The percentage of income method for calculating child support is straightforward: the custodial parent receives a certain percentage of the non-custodial parent’s income each month to cover child support expenses. If the non-custodial parent’s income changes, the amount paid may remain the same or fluctuate.

Example of the Income Share Method: One child’s non-custodial parent earns $5,000 per month, whereas the custodial parent earns $2,000 per month. The expense of rearing one child is estimated to be $2,000 per month, according to the court. The income of the non-custodial parent accounts for 71.4% of the parents’ combined income. Under this calculation, the non-custodial parent ends up paying $714 a month in child support, or 71.4 percent of the entire obligation.

Example of the Percentage of Income Method: One of the children’s non-custodial parents earns $5,000 each month. The court directs that the non-custodial parent pay the custodial parent a fixed proportion of 40% of the non-custodial parent’s income in child support. Using this calculation, the non-custodial parent pays $2,000 per month in child support. If the non-custodial parent’s monthly income fluctuates, the amount of child support they pay will fluctuate as well.

Consequences of Defaulting on a Child Support Payment 

When the payment date specified in the order, such as the 1st, 15th, or the 30th, and that date has passed and the individual has not made a payment, it is considered late.

A child support order may include a short grace period or an extension of time for the individual to make a payment in specific situations. If the grace period expires without the individual making a payment, the court or a child support agency may issue a Notice of Child Support Delinquency.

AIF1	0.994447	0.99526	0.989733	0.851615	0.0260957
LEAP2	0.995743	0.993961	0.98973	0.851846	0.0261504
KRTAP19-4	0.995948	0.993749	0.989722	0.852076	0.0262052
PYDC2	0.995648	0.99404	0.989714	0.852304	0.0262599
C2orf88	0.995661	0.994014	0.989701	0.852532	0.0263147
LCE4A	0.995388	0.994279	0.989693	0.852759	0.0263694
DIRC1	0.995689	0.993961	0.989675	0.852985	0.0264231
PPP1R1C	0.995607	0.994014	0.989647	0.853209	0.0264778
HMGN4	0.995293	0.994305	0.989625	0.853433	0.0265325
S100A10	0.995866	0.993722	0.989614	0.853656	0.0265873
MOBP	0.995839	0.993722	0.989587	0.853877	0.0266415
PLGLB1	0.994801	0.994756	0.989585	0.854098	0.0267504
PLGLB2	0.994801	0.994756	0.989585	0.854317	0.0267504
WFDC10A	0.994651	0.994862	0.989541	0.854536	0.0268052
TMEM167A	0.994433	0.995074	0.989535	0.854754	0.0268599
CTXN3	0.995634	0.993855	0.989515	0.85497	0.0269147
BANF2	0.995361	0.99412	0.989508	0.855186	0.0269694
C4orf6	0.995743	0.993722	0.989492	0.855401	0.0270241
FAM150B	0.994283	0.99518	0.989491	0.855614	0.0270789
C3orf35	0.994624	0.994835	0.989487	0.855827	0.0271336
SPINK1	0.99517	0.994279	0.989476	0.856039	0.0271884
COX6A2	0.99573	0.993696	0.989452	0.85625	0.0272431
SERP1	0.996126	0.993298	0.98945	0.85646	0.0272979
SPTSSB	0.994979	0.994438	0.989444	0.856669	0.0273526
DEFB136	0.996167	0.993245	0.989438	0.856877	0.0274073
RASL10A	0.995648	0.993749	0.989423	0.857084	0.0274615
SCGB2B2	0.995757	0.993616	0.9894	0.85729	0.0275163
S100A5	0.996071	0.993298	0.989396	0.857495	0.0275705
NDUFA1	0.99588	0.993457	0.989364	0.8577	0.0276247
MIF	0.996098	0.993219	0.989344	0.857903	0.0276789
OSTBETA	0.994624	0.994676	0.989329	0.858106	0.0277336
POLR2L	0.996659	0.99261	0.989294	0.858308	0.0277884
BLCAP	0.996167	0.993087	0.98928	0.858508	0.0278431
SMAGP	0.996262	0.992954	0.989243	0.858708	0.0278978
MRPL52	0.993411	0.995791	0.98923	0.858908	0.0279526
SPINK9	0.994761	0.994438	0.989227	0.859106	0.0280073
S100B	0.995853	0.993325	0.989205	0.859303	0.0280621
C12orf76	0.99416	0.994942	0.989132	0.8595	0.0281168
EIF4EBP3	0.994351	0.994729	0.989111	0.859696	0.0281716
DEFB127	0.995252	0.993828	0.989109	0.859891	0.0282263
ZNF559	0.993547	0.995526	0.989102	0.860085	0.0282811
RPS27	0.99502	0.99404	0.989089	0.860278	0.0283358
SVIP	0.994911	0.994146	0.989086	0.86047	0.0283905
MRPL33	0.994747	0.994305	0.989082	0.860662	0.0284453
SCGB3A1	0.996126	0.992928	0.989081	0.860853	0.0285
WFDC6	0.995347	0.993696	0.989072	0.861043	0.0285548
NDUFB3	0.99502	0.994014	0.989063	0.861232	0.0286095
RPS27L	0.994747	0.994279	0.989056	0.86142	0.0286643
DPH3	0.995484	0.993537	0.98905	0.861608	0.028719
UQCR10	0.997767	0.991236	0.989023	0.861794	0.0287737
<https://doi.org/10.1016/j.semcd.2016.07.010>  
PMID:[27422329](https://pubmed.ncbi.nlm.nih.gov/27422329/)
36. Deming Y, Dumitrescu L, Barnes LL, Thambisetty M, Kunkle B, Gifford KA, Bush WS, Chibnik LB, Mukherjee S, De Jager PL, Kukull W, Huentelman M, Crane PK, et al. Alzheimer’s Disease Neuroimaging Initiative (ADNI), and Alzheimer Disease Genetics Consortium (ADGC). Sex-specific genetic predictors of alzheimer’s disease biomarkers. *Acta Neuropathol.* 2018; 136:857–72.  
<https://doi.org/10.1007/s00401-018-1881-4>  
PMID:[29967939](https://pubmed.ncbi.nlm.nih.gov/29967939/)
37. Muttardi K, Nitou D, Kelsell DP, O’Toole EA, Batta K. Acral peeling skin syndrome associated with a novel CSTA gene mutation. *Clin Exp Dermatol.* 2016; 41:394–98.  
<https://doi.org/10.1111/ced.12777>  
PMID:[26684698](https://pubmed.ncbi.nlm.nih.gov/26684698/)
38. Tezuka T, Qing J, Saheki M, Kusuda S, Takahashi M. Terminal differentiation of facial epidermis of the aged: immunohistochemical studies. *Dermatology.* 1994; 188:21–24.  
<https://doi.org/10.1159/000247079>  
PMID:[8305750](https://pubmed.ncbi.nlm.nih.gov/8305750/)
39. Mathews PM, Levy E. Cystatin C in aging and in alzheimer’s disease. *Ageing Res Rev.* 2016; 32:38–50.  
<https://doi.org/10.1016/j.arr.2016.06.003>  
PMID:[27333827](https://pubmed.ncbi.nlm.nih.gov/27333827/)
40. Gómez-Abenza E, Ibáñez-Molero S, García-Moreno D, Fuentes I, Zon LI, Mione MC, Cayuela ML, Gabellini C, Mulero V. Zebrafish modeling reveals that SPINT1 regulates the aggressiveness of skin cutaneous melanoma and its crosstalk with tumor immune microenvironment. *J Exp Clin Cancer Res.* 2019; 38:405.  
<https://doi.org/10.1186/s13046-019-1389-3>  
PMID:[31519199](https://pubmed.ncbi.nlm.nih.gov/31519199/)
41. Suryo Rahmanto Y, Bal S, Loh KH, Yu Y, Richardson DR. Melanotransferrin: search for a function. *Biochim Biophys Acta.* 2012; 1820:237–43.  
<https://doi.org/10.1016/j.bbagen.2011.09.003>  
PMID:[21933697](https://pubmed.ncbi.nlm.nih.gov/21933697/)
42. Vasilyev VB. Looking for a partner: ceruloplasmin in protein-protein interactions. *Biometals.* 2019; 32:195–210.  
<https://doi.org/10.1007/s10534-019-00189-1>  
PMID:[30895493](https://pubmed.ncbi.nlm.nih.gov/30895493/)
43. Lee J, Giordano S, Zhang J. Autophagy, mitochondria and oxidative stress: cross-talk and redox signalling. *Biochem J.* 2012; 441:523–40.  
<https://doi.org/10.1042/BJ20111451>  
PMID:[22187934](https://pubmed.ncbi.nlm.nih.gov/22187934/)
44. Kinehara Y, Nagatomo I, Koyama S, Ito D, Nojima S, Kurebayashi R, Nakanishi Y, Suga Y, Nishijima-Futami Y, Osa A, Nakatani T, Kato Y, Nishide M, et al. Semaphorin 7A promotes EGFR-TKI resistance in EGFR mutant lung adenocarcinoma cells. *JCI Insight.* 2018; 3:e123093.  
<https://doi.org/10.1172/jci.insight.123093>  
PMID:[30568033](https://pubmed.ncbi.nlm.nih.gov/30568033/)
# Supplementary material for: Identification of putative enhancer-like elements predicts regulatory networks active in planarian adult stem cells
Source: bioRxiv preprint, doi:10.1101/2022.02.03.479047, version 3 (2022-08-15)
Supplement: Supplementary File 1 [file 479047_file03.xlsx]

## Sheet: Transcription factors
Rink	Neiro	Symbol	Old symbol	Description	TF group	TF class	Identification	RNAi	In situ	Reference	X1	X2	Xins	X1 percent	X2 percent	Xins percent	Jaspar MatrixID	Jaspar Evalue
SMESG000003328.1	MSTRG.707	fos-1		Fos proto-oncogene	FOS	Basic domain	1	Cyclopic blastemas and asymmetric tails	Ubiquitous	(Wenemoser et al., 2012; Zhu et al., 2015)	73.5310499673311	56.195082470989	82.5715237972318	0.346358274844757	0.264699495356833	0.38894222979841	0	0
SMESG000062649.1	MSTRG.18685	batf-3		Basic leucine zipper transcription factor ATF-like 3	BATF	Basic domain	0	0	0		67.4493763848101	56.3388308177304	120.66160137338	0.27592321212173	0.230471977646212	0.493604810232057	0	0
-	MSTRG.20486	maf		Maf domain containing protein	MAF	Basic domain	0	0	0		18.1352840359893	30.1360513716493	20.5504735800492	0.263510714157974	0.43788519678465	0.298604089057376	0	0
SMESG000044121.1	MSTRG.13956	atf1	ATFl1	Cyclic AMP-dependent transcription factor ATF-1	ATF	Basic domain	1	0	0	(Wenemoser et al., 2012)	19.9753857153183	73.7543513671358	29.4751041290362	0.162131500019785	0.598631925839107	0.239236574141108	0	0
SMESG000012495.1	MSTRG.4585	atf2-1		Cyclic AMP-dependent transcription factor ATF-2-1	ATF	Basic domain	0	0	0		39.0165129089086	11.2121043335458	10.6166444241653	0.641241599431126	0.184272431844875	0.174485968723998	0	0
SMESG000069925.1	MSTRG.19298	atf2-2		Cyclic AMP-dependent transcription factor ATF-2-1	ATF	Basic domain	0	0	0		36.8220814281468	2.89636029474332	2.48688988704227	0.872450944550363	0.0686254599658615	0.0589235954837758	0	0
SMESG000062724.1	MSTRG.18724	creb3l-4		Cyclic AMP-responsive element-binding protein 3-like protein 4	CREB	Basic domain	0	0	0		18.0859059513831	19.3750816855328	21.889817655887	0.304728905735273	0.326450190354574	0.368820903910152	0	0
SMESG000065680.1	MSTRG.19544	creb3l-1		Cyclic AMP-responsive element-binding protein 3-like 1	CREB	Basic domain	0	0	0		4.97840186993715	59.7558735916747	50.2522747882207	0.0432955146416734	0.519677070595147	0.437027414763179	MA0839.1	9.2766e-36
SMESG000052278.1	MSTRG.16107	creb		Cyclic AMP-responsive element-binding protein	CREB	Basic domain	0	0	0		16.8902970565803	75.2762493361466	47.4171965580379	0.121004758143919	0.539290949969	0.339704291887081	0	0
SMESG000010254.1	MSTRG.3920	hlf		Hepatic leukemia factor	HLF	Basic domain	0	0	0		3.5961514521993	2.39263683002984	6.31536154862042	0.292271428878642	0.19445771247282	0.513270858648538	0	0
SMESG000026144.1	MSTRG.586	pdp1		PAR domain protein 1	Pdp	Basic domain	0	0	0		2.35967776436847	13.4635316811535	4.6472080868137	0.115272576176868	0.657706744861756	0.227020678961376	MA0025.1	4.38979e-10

The custodial parent can report late child support payments if they are not received on time. It’s vital to remember that child support is seen as a debt, and the person who owes it is treated as a debtor. If the person does not pay, they will be labeled delinquent, and their information will be shared with credit bureaus. If a person fails to make timely payments, they may be subject to late child support payment penalties, including interests and other related fees.

If the person refuses to pay, the court has the authority to hold them in contempt of court. A contempt of court order indicates that the person has disobeyed their child support decree. If the non-paying individual is found in contempt by the judge, they may be sentenced to prison or fined.

Child Support and Custody

In most cases, a parent who fails to pay child support will not lose custody of their child. For starters, the parent with custody is rarely the one who is legally responsible for child support payments.

Furthermore, child support and custody are not the same thing. As a result, unless unusual circumstances exist, one does not generally affect the other. For example, a parent who fails to pay child support may lose custody of their child if they are sentenced to prison and are unable to care for the child due to their incarceration because the court will have found them in contempt of the previous judgment. Additionally, if the parent’s failure to pay is from other circumstances that put the child at harm or is not in their best interest, that they may also cause them to lose custody. Typically, however, if a parent is paying support, they likely do not have a custody arrangement.